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Why aren't rates of domestic violence going down?


Recent research by the NSW bureau of crime and statistics and research has found that rates of intimate partner violence have remained relatively stable over the past 15 years. These rates are still alarmingly high. If we care about the welfare of those most impacted by domestic violence, predominantly women and children, we must ask ourselves: why are we failing to make headway on this issue, and what should we be doing differently?

The Federal government’s National action plan to reduce violence against women and their children (2019-2022) focuses on the issue of attitudinal change — using education and public messaging to reduce attitudes that support violence and abuse. Research in this area however, finds that issues such as childhood trauma and abuse, attachment and personality disorders, poverty and disadvantage and substance use may all play a causal role in domestic violence. While this does not imply that perpetrators have no control over their actions, it does suggest that in many cases, those who use violence in a domestic setting do so for complex reasons.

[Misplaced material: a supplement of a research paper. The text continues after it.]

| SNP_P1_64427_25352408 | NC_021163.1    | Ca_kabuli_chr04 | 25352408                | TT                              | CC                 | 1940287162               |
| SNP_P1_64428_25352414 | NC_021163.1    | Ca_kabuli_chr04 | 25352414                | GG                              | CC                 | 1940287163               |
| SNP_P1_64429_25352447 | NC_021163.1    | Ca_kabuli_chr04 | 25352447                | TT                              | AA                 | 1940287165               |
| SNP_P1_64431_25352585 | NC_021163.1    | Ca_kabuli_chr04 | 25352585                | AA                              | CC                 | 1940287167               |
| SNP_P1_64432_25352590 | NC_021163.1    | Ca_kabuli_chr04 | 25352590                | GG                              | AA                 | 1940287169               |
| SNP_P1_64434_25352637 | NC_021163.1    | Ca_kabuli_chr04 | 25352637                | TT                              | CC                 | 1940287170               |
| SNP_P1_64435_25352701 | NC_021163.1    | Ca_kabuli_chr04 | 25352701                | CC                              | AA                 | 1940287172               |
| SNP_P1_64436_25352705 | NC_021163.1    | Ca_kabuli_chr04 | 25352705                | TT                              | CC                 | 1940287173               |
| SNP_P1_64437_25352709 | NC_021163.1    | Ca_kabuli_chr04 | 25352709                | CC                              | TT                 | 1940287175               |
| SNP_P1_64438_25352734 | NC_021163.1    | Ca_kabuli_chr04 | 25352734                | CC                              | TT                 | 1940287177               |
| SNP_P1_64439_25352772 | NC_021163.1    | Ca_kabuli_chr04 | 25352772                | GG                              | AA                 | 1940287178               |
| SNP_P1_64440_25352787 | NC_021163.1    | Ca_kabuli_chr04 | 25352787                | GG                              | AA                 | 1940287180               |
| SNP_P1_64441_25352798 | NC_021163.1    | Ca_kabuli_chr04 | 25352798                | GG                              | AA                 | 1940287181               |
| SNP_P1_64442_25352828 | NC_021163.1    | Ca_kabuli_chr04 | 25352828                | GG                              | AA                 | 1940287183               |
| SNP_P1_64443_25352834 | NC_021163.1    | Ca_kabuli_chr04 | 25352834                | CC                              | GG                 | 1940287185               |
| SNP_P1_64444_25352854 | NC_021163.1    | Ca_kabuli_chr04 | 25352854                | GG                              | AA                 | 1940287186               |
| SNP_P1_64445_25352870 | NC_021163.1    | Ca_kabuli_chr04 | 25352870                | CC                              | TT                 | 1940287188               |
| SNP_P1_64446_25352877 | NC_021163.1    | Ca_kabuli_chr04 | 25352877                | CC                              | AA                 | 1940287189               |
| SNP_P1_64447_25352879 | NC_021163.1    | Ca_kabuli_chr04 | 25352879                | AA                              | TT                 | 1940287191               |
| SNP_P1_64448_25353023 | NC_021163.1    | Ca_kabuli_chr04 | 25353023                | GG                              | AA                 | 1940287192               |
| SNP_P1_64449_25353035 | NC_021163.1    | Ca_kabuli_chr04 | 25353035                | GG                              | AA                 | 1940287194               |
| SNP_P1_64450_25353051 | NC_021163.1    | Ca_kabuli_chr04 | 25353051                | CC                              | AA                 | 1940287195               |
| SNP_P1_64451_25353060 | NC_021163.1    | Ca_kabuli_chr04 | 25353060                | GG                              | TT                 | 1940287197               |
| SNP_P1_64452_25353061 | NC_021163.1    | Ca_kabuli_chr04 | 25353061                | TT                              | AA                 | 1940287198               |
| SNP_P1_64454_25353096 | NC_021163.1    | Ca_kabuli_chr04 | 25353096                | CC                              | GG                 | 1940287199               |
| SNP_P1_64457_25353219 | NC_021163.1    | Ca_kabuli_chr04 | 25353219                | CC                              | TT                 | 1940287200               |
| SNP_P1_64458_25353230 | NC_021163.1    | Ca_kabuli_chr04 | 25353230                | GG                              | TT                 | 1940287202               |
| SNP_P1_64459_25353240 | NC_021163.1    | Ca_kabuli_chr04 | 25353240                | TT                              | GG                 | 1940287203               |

The framing of violence against an intimate partner as a choice made by the abusive person is understandable — it has come about to counter narratives claiming that abusive men are not to blame for their actions, and that it is the victim who is to blame. Such narratives have had real consequences for women and children, and resulted in serious harm. It’s no wonder then, that any public discourse that veers away from the narrative of personal responsibility is regarded with suspicion and fear that it will reverse any gains that have been made for victims of domestic violence.